Because really, when I think about all the songs I could possibly choose from, there are so, so many that I sang in my church growing up 10-20 years ago that simply are not sung anymore, in any church, anywhere. There are lists upon lists of songs that worship leaders nowadays cringe at, either because of “cheesy”, “outdated” music, or shallow, clunky lyrics…
This situation strikes me as a huge problem for church music leaders and the congregations singing our songs. With contemporary worship music are we merely creating disposable music, music written only to be gotten rid of when its use is no longer of value to us?
In this era of seemingly disposable worship music, there are some good things to think about here. Check out the whole post. Really good read.
Craig Adams lists the ten worst mistakes that worship songwriters often make:
As you consider this list and weigh it against your own craftsmanship, I am hopeful your songwriting journey will be enriched and strengthened. May the Holy Spirit surround you as you endeavor to put a new song in the mouths of God’s people in the days ahead. Write to the glory of the Lord!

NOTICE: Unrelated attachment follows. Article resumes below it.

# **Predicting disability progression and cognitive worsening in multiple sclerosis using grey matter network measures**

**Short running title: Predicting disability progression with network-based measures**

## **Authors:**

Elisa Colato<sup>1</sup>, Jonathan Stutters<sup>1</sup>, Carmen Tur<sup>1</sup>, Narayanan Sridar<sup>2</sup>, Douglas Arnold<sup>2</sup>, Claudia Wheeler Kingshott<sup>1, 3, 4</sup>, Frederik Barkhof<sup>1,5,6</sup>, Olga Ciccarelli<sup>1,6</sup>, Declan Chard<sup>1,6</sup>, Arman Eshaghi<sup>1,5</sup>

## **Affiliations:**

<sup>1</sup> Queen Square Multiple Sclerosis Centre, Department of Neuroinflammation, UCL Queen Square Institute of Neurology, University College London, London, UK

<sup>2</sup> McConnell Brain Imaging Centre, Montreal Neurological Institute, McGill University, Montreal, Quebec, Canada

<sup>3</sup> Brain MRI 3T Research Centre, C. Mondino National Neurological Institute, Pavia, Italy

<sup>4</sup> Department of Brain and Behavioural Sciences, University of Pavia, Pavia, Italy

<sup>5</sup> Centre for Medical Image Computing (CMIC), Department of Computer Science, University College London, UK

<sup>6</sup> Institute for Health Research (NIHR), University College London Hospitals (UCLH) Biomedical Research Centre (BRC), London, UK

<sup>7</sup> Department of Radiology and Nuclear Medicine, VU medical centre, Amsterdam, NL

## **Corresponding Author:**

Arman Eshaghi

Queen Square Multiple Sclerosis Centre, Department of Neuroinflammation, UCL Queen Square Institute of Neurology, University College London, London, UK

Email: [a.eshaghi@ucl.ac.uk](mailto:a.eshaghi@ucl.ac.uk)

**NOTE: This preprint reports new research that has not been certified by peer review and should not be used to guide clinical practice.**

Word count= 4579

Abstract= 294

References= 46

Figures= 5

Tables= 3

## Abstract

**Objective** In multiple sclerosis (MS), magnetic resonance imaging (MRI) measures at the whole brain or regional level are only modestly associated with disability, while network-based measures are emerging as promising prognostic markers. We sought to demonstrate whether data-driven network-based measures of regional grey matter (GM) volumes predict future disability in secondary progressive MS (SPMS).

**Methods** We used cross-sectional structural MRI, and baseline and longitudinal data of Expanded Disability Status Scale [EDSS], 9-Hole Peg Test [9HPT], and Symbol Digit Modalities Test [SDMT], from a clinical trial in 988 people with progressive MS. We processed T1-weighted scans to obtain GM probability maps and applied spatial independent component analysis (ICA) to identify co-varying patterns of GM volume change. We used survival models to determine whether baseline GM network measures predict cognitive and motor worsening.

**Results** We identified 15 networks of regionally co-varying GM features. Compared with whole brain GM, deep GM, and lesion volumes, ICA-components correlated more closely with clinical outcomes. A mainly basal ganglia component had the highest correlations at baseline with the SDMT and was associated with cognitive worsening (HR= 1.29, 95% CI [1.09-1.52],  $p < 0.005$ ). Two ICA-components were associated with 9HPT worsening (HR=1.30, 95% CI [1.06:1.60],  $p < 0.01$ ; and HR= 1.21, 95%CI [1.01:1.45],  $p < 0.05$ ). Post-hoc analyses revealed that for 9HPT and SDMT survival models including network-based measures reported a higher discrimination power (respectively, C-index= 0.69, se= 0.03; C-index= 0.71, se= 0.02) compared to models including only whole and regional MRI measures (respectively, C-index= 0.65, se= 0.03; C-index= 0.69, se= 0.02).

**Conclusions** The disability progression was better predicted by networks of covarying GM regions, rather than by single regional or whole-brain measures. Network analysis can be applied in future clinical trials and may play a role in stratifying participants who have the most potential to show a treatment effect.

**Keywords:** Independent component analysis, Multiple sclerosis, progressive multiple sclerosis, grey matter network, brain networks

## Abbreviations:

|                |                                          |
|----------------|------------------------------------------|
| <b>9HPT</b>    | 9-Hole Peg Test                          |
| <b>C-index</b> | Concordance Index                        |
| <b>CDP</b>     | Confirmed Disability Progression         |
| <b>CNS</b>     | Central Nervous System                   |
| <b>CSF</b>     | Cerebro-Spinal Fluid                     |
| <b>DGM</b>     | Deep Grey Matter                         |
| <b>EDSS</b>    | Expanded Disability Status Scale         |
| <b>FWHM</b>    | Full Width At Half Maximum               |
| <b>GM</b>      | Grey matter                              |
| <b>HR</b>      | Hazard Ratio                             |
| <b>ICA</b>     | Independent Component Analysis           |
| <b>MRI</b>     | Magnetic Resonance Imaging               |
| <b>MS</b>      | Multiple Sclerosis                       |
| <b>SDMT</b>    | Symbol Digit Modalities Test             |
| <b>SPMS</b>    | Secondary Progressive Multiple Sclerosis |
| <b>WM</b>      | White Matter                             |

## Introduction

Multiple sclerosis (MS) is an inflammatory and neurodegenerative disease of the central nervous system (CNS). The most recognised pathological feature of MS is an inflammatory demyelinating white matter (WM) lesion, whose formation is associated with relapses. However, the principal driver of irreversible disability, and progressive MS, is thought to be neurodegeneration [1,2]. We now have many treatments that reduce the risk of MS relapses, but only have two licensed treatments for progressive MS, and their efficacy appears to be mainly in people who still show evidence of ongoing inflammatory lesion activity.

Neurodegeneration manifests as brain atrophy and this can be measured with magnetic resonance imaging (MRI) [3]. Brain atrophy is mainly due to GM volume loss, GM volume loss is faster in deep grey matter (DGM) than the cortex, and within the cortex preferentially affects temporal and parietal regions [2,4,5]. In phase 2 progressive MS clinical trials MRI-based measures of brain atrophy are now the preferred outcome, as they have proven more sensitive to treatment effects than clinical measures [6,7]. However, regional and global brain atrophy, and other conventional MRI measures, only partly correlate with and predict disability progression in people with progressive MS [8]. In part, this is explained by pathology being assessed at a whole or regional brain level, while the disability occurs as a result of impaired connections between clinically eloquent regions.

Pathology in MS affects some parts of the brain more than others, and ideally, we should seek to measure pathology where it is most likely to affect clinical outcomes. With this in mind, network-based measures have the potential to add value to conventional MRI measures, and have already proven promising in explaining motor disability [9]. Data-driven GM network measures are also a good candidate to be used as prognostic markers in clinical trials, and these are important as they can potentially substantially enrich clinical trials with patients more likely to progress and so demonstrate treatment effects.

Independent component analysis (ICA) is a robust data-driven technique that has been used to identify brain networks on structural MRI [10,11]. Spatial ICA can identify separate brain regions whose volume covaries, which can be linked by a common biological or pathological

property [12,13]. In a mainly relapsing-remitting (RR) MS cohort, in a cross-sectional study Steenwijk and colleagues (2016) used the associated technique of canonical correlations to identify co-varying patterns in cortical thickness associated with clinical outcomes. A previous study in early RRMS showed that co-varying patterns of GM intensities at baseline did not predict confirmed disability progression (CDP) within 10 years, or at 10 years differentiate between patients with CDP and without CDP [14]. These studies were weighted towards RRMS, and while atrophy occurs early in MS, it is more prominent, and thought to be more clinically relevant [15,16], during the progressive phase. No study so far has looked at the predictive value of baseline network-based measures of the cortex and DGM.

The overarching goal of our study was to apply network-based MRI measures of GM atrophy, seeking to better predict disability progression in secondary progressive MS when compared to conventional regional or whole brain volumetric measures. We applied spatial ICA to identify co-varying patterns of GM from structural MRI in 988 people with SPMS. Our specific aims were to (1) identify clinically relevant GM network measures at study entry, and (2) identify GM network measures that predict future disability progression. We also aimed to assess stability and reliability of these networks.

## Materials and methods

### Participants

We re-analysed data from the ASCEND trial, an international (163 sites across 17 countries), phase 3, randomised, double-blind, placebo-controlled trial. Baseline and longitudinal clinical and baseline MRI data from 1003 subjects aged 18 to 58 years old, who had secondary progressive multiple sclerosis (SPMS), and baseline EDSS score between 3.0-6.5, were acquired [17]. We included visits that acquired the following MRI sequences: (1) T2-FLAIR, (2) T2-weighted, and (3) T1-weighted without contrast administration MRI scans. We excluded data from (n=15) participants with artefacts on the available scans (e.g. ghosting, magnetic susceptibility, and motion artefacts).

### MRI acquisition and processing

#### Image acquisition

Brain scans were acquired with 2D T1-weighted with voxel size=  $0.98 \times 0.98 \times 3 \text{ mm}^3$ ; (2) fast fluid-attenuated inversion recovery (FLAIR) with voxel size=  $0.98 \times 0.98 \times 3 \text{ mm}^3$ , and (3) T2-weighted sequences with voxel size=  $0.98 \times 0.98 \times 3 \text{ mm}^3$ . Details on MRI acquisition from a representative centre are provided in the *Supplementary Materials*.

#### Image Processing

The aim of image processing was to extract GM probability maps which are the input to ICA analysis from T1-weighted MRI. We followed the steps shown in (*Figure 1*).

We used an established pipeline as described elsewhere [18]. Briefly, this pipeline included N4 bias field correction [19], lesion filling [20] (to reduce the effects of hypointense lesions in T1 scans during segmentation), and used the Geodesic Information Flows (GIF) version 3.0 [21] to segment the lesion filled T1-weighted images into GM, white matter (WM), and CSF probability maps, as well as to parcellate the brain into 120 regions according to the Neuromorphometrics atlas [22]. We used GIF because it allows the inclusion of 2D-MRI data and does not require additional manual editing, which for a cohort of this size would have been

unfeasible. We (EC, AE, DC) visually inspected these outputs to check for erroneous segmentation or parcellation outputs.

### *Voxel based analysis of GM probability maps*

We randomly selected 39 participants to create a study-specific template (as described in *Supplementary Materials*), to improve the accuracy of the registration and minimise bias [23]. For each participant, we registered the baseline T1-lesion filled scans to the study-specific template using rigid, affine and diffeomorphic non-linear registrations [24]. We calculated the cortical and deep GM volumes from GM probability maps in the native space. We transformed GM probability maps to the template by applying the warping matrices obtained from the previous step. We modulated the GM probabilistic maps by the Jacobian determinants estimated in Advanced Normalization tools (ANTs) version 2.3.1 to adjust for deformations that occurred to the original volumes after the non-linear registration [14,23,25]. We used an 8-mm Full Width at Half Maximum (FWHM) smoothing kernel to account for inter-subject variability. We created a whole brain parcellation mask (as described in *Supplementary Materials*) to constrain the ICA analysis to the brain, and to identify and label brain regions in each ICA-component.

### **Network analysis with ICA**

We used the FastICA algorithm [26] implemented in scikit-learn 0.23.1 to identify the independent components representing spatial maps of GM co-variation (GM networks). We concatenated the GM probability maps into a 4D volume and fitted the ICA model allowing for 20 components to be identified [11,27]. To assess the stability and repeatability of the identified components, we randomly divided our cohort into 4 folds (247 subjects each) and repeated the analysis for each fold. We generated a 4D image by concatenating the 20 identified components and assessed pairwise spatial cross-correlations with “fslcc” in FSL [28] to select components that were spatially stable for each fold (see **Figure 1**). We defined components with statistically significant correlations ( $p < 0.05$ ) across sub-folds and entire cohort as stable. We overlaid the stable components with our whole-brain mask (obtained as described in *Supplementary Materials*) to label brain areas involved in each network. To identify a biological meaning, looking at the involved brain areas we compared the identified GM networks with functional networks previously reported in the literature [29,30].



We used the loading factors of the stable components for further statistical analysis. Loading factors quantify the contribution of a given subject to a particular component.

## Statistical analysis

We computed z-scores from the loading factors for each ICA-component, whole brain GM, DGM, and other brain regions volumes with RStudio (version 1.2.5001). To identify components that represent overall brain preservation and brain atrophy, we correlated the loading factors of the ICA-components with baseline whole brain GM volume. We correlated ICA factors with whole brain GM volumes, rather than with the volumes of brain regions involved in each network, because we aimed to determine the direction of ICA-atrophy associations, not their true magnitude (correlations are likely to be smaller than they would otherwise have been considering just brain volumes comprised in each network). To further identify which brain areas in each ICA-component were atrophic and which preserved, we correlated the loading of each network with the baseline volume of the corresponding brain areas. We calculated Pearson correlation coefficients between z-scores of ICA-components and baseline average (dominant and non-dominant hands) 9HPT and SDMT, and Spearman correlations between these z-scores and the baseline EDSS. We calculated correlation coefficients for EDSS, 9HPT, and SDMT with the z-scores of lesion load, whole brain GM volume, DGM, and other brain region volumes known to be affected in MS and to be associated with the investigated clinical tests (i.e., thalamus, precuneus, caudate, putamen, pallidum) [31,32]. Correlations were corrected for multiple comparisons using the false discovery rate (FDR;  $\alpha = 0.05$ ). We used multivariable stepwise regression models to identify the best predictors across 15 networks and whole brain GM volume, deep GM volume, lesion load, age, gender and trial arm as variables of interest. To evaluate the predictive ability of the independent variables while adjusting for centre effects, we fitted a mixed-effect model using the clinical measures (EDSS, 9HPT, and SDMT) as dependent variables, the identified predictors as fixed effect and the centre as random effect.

From bad rhyming to bad rhythms, this is a list that every worship songwriter should take a long look at. Check it out here.
Mark Woods has a nice writeup of someone you might describe as the first English worship leader… maybe. He writes:
Name the best Christian song-writers working in English today and we’d all have our own opinions. Name the greatest over the last couple of centuries and it might not be so controversial – Isaac Watts would probably be there, Charles Wesley and perhaps Fanny Crosby too.
But what about the very first? His feast day is today, he was a monk in the Abbey of Whitby in the 7th century, and his name was Caedmon.
I’ve always loved this story of the very first English hymns. Read Mark’s full story here.
Ryan Savage on the benefits, challenges, and practicalities of writing worship music in the local church: